Some Western nations argue that Washington’s withdrawal from the JCPOA agreement in May 2018 had pushed Teheran to take oppositional steps that contradict the commitments it undertook in the deal. Those Iranian violations led the Europeans in January to invoke the JCPOA Dispute Resolution Mechanism, which could also lead in the future for resumption of all sanctions on Iran, but only after a lengthy process is concluded and after a JCPOA state then takes the further step of going to the UNSC to ask Iran to be sanctioned for non-compliance.
The Russian and Chinese vote against the US draft is believed by most observers to reflect the fact that both countries look to harvest political and economic gains from possible future arms sales to Teheran. Indeed, shortly after the vote, Iran was quick to send its Defence Minister to Moscow to jump start negotiations to purchase Russian weapons systems, including advanced S-400 anti-aircraft batteries.
The UNSC legal and political crisis
The US move to initiate “snapback” created a major legal crisis in the UNSC.
The dispute revolves around the status of the US vis-à-vis the deal. Washington is claiming that, as a signatory to the JCPOA, it has the right to start the ‘snapback’ process. Other parties to the deal disagree, arguing that the US cannot activate the ‘snapback’ mechanism since it is no longer a participating party to the agreement.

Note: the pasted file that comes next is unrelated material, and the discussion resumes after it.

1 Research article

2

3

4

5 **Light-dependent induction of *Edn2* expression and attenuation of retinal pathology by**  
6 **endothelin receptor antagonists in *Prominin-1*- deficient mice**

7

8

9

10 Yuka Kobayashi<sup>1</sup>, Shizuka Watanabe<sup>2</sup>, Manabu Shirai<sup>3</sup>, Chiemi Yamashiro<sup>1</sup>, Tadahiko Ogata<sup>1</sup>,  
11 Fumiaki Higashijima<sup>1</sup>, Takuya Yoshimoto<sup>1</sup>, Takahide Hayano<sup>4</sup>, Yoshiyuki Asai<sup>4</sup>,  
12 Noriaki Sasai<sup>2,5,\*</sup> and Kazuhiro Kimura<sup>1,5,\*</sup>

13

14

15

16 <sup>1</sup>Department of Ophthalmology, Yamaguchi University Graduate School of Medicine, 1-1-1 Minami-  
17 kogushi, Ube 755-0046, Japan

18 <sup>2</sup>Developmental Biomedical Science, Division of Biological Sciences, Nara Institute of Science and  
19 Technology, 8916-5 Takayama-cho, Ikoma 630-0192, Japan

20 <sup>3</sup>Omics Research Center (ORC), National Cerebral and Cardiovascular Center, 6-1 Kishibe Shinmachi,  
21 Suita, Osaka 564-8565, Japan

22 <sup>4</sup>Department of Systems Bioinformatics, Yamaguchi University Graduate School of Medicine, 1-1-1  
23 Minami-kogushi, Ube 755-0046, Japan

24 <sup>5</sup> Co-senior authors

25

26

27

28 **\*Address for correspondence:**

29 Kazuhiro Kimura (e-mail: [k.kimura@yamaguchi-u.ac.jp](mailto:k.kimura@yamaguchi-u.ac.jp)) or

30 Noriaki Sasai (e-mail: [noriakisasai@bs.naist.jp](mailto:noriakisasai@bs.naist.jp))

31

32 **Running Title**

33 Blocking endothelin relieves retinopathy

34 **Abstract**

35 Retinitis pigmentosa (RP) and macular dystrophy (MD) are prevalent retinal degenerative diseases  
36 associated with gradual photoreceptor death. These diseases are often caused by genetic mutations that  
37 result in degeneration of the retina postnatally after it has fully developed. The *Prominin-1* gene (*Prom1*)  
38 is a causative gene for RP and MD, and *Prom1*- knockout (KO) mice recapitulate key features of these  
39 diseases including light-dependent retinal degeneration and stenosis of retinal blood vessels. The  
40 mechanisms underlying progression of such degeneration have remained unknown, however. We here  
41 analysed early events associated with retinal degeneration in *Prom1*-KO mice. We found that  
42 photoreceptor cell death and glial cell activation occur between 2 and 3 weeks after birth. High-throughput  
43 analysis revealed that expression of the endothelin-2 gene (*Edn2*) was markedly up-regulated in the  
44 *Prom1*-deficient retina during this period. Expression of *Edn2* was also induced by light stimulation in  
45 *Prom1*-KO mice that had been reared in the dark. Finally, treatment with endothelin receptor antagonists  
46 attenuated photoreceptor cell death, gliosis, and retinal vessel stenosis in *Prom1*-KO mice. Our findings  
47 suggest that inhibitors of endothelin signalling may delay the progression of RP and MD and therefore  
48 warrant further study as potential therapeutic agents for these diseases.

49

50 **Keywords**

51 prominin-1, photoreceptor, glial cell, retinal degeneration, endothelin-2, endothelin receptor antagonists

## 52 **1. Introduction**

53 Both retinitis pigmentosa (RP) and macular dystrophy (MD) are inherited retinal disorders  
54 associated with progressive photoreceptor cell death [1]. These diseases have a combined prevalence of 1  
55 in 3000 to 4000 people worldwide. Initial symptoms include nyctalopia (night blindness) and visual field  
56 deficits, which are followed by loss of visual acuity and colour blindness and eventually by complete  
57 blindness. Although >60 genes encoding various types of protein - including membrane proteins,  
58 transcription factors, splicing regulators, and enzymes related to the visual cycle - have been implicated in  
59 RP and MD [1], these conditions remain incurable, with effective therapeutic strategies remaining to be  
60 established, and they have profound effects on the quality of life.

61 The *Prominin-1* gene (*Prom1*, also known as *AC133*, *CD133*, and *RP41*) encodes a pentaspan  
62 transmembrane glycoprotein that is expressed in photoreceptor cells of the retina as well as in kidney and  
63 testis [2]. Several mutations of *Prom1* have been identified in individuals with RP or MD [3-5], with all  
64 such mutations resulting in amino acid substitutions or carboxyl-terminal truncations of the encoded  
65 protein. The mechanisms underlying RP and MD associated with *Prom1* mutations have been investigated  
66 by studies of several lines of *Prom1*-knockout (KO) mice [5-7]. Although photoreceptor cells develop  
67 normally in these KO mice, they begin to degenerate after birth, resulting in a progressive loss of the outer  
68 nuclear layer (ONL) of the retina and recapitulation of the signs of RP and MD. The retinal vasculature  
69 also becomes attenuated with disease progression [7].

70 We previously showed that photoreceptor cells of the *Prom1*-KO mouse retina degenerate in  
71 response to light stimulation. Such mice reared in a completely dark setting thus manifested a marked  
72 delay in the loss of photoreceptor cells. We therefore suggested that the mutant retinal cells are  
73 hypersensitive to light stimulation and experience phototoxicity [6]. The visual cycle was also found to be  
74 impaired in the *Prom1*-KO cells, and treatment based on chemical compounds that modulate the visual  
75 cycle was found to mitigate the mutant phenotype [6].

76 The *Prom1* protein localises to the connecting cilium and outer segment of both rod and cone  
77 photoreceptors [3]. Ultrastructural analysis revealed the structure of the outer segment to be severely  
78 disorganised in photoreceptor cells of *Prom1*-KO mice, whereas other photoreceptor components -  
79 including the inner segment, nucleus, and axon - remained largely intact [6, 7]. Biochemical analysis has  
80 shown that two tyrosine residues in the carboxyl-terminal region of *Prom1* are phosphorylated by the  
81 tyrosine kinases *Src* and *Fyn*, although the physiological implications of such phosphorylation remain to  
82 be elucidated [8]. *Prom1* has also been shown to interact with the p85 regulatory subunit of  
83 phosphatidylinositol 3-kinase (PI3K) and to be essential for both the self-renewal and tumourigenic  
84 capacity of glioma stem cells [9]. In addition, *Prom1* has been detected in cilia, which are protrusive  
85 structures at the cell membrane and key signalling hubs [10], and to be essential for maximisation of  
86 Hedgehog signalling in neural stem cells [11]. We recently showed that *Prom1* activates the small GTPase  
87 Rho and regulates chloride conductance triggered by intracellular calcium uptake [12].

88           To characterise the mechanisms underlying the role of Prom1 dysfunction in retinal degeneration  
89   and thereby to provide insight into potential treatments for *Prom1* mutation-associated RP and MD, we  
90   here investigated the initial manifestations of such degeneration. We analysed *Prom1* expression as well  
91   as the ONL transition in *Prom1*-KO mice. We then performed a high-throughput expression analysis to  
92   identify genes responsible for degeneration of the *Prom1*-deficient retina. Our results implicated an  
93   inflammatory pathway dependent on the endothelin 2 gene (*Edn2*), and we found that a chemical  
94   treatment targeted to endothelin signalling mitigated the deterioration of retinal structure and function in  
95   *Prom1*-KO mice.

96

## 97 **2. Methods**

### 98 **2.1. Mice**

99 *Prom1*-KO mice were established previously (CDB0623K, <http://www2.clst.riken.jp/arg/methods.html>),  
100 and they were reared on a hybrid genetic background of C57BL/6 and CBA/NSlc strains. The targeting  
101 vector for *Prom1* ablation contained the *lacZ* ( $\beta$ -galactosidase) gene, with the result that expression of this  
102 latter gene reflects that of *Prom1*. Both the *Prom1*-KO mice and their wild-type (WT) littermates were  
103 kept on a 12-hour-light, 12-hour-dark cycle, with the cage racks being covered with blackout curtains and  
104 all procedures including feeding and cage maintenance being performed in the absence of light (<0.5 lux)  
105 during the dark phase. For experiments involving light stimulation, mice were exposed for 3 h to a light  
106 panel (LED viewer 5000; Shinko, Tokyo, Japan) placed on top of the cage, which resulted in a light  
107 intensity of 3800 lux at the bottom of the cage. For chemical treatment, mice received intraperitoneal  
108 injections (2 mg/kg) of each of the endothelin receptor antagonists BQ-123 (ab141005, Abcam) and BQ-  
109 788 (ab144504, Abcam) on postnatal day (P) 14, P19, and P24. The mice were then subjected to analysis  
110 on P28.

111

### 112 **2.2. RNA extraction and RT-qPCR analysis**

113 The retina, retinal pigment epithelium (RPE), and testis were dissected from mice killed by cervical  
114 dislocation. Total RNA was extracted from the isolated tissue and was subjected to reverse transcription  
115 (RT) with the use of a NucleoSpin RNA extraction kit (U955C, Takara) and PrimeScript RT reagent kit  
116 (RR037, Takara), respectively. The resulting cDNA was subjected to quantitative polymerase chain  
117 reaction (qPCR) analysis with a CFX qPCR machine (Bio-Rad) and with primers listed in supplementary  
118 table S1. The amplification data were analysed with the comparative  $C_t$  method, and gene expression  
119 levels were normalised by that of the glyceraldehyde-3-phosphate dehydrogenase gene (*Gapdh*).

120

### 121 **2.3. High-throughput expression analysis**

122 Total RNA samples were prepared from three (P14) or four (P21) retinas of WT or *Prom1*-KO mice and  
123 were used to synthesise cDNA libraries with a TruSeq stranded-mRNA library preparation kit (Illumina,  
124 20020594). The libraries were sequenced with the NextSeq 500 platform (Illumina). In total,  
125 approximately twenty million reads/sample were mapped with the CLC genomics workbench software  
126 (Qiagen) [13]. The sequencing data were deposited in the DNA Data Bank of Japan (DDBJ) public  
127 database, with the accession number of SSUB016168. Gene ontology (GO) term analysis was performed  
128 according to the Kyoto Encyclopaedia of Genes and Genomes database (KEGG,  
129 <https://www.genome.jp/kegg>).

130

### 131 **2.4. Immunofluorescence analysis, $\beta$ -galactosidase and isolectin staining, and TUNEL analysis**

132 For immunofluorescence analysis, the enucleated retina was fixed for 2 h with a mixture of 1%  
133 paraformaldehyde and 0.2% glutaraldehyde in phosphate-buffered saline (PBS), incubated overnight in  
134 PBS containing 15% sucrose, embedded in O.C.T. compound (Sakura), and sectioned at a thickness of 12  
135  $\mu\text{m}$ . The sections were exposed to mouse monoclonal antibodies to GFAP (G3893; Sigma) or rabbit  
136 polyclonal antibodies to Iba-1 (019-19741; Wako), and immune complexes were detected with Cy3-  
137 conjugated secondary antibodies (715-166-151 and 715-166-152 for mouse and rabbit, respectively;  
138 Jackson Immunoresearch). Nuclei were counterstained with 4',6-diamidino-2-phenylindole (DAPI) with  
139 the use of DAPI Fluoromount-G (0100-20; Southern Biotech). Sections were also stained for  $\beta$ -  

Recent reports indicate that most current UNSC members, including the Council presidents for August (Indonesia) and September (Niger), disagree with the American position, and hence will most likely not table a new resolution within the 10 day limit, as required by 2231, effectively attempting to behave as if the invocation of paragraph 11 by the US never happened.
Another concern being raised relates to the status of the UNSC as a credible and effective international conflict resolution mechanism. Experts warn of a scenario where the US vetos a resolution to continue the lifting of UN sanctions on Iran, but the reinstated UN sanctions are nonetheless not implemented or respected by any party other than Washington. Such a development might critically undermine the authority of the UNSC to enforce its decisions.
Even leading opponents of the JCPOA, such as former US National Security Advisor John Bolton, cautioned that invoking ‘snapback’ could both legitimise the deal and lead to the erosion of the US veto power in the UNSC. This is because member powers in the council may prefer to reluctantly remain silent or support an unwanted event (as the Europeans have done in the vote on the arms ban on Iran) rather than let the US (or others) use its veto.
Possible implications of “snapback”
It’s important to note that many of the UN sanctions on Iran suspended following the JCPOA are now unilaterally enforced by the US as part of its ‘maximum pressure’ strategy vis-à-vis Teheran. At the same time, reinstating the sanctions would be a major political statement, strongly suggesting that the deal cannot be salvaged.
Teheran is signalling that resumption of sanctions is unacceptable and may result in further advancement of its nuclear program, including more JCPOA violations. However, the regime (and some in Europe as well) seem to be reluctant to escalate the conflict with America in the hope that the US Presidential elections at the end of the year will mean that a new administration in the White House – either Democrat Joe Biden or a second term Republican Donald Trump – would take a more conciliatory approach towards Iran.